How becoming an expat helped me meet life goals


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Moving to a foreign country is a lot like writing a book. It’s something most people would like to do but most never will. It’s challenging, inspiring, scary as hell, and requires the loyal grit and determination of a cat chasing a laser beam.

You can be the most beautiful, emotive writer, spinning streams of golden prose that dance gracefully across a page––and in the same moment be a terrible storyteller with no sense of character development or narrative structure. Then, there are born storytellers. People gifted at crafting tales that intoxicate readers with just the right amount of complexity, soul, and intrigue. A twist here, a turn there. Literary origami. Often, these people are not great at prose.

Then, there are the experts––we cannot forget factual accuracy. So many specialists, historians, sci-fi nerds, and PHDs write books leaning on the near-religious grasp they have of a subject matter. But gripping facts and accurate situational dialogue do not, alone, make a good book. It’s incredibly rare to find that all the qualities of true authorship embodied by a single person. What being an expat has taught me is, life is a game of playing your strengths.

Many people, myself included, dream of writing a book. Like living abroad, where does one begin? What if I don’t have the brain I need to do this right? The key is, don’t think—just do. In the expat life, this mentality has led me through painful challenges, up volcanoes, off cliffs, and through new and dangerous situations. Why should life goals be any different? Creative expression can transport you from the passive condition of thought to the active condition of sensation and there is nothing more sensual or full of flavor than the experience of another place, people, and culture.

 

Inspiration attacks with Titanic force


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My favorite comedian Jack Handy once said, “I hope some animal never bores a hole in my head and lays it’s eggs in my brain, because later you might think you’re having a good idea but it’s just eggs hatching.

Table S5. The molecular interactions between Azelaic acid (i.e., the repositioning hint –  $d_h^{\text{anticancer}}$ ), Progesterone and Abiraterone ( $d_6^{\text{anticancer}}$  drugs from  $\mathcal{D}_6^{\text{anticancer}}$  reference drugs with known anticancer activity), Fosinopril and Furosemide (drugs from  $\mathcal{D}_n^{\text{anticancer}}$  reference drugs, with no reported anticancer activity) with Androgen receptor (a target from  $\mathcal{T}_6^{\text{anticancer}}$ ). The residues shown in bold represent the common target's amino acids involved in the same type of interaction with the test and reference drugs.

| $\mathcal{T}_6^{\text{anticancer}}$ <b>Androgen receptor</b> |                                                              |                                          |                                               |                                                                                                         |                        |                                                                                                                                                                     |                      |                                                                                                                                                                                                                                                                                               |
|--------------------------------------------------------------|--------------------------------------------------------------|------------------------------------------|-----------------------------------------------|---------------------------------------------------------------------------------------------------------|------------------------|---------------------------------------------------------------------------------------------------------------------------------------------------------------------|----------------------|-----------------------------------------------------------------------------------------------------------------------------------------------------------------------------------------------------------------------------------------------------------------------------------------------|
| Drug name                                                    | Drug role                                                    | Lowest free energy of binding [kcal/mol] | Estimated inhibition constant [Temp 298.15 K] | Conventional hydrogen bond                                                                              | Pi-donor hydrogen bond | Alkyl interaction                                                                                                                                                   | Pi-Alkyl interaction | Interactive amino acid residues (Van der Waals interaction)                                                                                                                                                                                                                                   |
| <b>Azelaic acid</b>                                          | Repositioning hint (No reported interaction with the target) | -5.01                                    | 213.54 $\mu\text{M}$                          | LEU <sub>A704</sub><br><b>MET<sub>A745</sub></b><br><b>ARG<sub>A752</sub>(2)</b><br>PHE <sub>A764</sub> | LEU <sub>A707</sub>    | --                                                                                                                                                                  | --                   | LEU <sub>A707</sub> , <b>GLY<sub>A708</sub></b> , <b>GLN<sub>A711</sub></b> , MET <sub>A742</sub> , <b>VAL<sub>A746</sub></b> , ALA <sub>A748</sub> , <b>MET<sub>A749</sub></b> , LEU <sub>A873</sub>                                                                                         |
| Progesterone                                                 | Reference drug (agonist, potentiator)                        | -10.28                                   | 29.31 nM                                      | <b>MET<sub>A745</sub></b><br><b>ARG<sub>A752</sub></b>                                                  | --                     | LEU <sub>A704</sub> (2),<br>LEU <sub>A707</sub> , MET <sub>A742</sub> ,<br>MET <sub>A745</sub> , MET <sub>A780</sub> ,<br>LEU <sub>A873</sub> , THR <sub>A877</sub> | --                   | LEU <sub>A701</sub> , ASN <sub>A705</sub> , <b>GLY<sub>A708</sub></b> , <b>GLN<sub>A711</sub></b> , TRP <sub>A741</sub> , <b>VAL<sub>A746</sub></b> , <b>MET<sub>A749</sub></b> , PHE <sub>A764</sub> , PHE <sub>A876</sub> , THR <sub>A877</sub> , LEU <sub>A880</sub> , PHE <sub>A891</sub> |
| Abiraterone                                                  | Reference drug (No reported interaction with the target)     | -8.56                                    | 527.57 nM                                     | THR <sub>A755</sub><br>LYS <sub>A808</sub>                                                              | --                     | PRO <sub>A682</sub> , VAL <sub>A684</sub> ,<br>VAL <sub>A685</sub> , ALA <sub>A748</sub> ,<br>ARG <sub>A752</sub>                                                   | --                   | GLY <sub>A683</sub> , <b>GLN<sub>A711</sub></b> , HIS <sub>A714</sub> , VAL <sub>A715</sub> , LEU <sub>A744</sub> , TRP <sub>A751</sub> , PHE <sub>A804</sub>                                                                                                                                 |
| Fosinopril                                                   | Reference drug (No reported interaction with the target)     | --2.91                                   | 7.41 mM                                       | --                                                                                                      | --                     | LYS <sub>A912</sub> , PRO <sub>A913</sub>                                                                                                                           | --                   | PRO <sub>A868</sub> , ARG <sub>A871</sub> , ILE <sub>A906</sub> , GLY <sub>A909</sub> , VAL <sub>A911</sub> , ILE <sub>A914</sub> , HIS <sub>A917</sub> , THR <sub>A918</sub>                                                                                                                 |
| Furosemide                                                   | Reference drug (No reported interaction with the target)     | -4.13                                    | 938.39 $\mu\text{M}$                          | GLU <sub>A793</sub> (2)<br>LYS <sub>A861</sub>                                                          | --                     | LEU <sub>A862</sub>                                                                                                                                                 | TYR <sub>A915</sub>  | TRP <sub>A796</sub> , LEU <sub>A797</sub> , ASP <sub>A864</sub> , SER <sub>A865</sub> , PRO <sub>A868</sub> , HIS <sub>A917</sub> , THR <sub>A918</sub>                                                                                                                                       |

Good for you, Jack, for figuring out how to put what that feels like into words.

Have you ever walked into an art gallery or seen a really good film and thought “Why didn’t I think of that first?”

It’s the schizophrenic rush of inspiration, the feeling that the demonic heat of your own creative potential might actually set you on fire.

And then you see the gelato shop across the road and the idea that was so fresh and clear in your mind crawls back to the larval sack of ambivalence from whence it came.

For me, this moment came yesterday after watching Titanic for the 10,000 time.

Although many fans ‘abandoned ship’ in an effort to distance themselves from the poisonous haze of romantic stereotypes and pre-teen obsession, my loyalty has never wavered.

Before Titanic, nobody had the tools to communicate the shock, terror, and devastation of this infamous night. By definition, history is removed from our sense of reality and is therefore inaccessible.

Since April 14th 1912, people have relied on written accounts and imagination to connect with the horror of this legendary disaster.

Then came James Cameron’s Titanic, a sensual tsunami that allows people to experience the sinking for themselves through the eyes of authentic, relatable characters.

The story is communicated with such flawless accuracy, counting a plot laced with faithful depictions of true passengers.

The stark class differences and political dissension of the era are meticulously represented in every dialogue. The boundary between present and past is shattered for 194 minutes.

All I can think is, why didn’t I do it first? Never mind that I was 10.